VIRAL HEMORRHAGIC FEVERS
(LASSA, MARBURG, EBOLA, CRIMEAN-CONGO, AND OTHER EMERGING VIRUSES)

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What Are They?

Viral hemorrhagic fevers are a group of illnesses causes by several viruses. These viruses affect multiple organs in the body by damaging the vascular (blood vessel) system. The bleeding or hemorrhaging caused by the virus is not usually life threatening but damage to organ systems in the body can range from mild to deadly. The viruses responsible for this type of illness include Lassa, Marburg, Ebola, and Crimean-Congo hemorrhagic fever.

How can you get it?

These emerging viral hemorrhagic fevers are presumed to be animal borne (zoonotic) and can be transmitted to humans through contact. Infected humans can spread the virus to each other through contact with contaminated objects or blood. The risk of acquiring these diseases is typically restricted to the geographic regions where the virus is found. Given global travel, rare cases have been reported outside of the host region. These rare cases are probably the greatest form of the occupational threat to fire fighters.

  • Lassa
  • Marburg
  • Ebola
  • Crimean-Congo
  • Associated with specific rodents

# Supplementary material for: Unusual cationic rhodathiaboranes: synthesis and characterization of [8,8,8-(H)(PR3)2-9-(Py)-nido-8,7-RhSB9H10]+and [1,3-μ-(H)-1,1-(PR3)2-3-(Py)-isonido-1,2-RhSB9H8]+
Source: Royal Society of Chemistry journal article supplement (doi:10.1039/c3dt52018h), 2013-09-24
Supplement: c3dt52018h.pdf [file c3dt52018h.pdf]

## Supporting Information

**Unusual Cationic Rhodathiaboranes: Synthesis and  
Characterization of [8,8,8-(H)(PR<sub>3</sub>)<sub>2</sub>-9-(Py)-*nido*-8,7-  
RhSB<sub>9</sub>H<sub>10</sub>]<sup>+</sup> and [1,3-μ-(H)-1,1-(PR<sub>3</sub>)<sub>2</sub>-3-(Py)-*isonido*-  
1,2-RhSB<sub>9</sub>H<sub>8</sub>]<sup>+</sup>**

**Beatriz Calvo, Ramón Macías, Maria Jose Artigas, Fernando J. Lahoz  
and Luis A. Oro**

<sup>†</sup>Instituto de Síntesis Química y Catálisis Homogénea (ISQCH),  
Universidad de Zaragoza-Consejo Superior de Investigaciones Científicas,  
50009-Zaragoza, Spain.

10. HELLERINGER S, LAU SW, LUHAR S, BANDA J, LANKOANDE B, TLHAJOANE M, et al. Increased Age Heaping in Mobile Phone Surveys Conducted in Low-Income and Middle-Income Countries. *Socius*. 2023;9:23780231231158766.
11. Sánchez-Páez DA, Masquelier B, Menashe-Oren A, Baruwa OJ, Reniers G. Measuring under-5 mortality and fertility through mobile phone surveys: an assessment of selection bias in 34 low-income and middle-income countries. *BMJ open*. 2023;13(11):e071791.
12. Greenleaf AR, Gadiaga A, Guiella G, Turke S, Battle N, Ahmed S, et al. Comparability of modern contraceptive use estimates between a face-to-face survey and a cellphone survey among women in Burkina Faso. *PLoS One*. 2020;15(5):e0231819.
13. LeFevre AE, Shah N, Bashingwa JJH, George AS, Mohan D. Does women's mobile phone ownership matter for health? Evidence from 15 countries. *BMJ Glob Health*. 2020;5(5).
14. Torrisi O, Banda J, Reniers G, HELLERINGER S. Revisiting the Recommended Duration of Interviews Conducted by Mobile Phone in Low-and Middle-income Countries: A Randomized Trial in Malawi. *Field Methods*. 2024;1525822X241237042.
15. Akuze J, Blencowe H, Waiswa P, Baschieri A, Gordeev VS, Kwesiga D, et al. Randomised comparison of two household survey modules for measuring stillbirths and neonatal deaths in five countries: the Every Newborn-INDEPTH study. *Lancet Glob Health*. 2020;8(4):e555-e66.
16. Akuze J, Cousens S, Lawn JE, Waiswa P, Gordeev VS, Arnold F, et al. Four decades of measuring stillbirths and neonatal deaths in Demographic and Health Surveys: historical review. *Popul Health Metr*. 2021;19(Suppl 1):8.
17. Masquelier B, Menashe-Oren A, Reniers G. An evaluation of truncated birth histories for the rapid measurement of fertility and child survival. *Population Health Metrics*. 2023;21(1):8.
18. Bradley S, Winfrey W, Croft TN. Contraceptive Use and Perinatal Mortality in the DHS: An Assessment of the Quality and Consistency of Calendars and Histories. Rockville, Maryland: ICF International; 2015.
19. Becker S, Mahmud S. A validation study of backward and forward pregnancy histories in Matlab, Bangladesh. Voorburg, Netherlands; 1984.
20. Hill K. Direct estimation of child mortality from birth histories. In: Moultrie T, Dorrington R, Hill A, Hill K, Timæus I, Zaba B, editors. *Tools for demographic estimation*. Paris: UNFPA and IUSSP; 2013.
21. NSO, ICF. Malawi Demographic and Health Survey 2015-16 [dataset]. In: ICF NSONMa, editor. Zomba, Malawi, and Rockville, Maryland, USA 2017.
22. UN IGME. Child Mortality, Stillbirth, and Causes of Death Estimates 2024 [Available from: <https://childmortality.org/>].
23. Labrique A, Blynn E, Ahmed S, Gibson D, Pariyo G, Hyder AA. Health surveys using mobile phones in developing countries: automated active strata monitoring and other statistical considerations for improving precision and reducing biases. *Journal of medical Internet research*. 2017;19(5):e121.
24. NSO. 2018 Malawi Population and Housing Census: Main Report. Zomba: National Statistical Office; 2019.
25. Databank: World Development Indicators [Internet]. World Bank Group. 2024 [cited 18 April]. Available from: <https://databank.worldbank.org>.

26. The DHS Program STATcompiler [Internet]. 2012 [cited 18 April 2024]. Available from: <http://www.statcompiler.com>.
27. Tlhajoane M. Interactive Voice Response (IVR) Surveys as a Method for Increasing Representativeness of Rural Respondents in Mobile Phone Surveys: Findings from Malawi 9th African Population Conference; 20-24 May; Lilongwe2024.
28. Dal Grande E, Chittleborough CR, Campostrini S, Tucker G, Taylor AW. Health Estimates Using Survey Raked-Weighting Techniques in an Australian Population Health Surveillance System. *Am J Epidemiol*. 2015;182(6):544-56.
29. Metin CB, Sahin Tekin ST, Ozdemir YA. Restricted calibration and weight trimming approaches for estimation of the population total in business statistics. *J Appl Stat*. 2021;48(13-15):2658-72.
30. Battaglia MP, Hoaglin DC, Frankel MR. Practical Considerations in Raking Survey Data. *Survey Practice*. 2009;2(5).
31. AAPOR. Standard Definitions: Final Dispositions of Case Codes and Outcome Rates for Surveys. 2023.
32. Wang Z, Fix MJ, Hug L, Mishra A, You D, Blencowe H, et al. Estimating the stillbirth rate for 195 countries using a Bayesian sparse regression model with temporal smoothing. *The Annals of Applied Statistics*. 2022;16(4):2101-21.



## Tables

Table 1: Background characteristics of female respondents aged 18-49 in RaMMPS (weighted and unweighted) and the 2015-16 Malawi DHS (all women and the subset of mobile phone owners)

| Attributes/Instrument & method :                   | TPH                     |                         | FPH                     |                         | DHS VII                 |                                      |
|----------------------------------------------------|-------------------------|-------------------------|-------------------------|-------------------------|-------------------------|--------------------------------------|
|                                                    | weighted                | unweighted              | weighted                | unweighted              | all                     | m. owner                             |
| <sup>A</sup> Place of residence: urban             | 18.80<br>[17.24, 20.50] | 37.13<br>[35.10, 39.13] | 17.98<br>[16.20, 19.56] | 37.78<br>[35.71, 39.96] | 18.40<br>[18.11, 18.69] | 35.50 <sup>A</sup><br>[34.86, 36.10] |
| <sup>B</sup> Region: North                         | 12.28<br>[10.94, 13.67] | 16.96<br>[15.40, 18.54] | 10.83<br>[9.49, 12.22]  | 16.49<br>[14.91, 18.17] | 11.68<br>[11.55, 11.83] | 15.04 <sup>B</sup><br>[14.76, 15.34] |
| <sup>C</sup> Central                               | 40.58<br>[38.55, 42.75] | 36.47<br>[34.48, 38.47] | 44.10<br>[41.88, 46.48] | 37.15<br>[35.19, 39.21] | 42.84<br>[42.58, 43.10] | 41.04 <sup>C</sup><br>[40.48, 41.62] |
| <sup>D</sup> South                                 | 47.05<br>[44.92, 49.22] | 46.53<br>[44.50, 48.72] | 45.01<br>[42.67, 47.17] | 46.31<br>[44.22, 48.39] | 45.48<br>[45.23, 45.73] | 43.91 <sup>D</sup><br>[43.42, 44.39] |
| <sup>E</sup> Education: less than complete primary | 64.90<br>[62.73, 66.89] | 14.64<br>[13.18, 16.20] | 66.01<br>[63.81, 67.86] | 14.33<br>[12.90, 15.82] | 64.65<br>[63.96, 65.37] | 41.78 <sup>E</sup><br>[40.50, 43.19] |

• Transmitted by African fruit bat
  • Transmitted by unknown animal
  • Tick-borne virus
  • Found in West Africa
  • Found in Africa
  • Found in Africa
  • Found in Africa, Asia, Europe

What are the symptoms?

The time to develop symptoms varies by virus but is between 2 to 21 days after exposure to the Ebola virus.
The signs and symptoms of viral hemorrhagic fever vary depending on the virus but include:

  • Flu-like symptoms
    • Fever
    • Fatigue
    • Muscle aches
  • Exhaustion
  • Nausea and/or vomiting
  • Abdminal pain
  • Shock
  • Seizures
  • Delirium
  • Bleeding
  • Organ failure
  • The most common complication of Lassa fever is deafness

How do you prevent it?

No vaccine currently exists to prevent Lassa, Marburg, Ebola, or Crimean-Congo hemorrhagic fevers.
Focus prevention on avoiding contact with the host species and stopping further transmission from person to person.

  • Avoid close physical contact with infected individuals and their body fluids.
  • Using Contact and Airborne Precautions until transmission pattern of the particular infection is determined; then Contact and Droplet Precautions
    • Hand hygiene
    • Barrier protection against blood and body fluids (single gloves and fluid-resistant or impermeable gown, face/eye protection with masks, goggles or face shields)
    • Appropriate waste handling.
    • Use N95 or higher respirators. IAFF recommends P100 respirators for all patients with respiratory symptoms such as cough.

What should you do if you are exposed to the disease or get the disease?

You should see a doctor immediately if you have been exposed to the disease. There is no specific treatment for these viral infections but hospitals can provide supportive care. Intravenous fluid and some anit-viral medications such as ribavirin may be beneficial.

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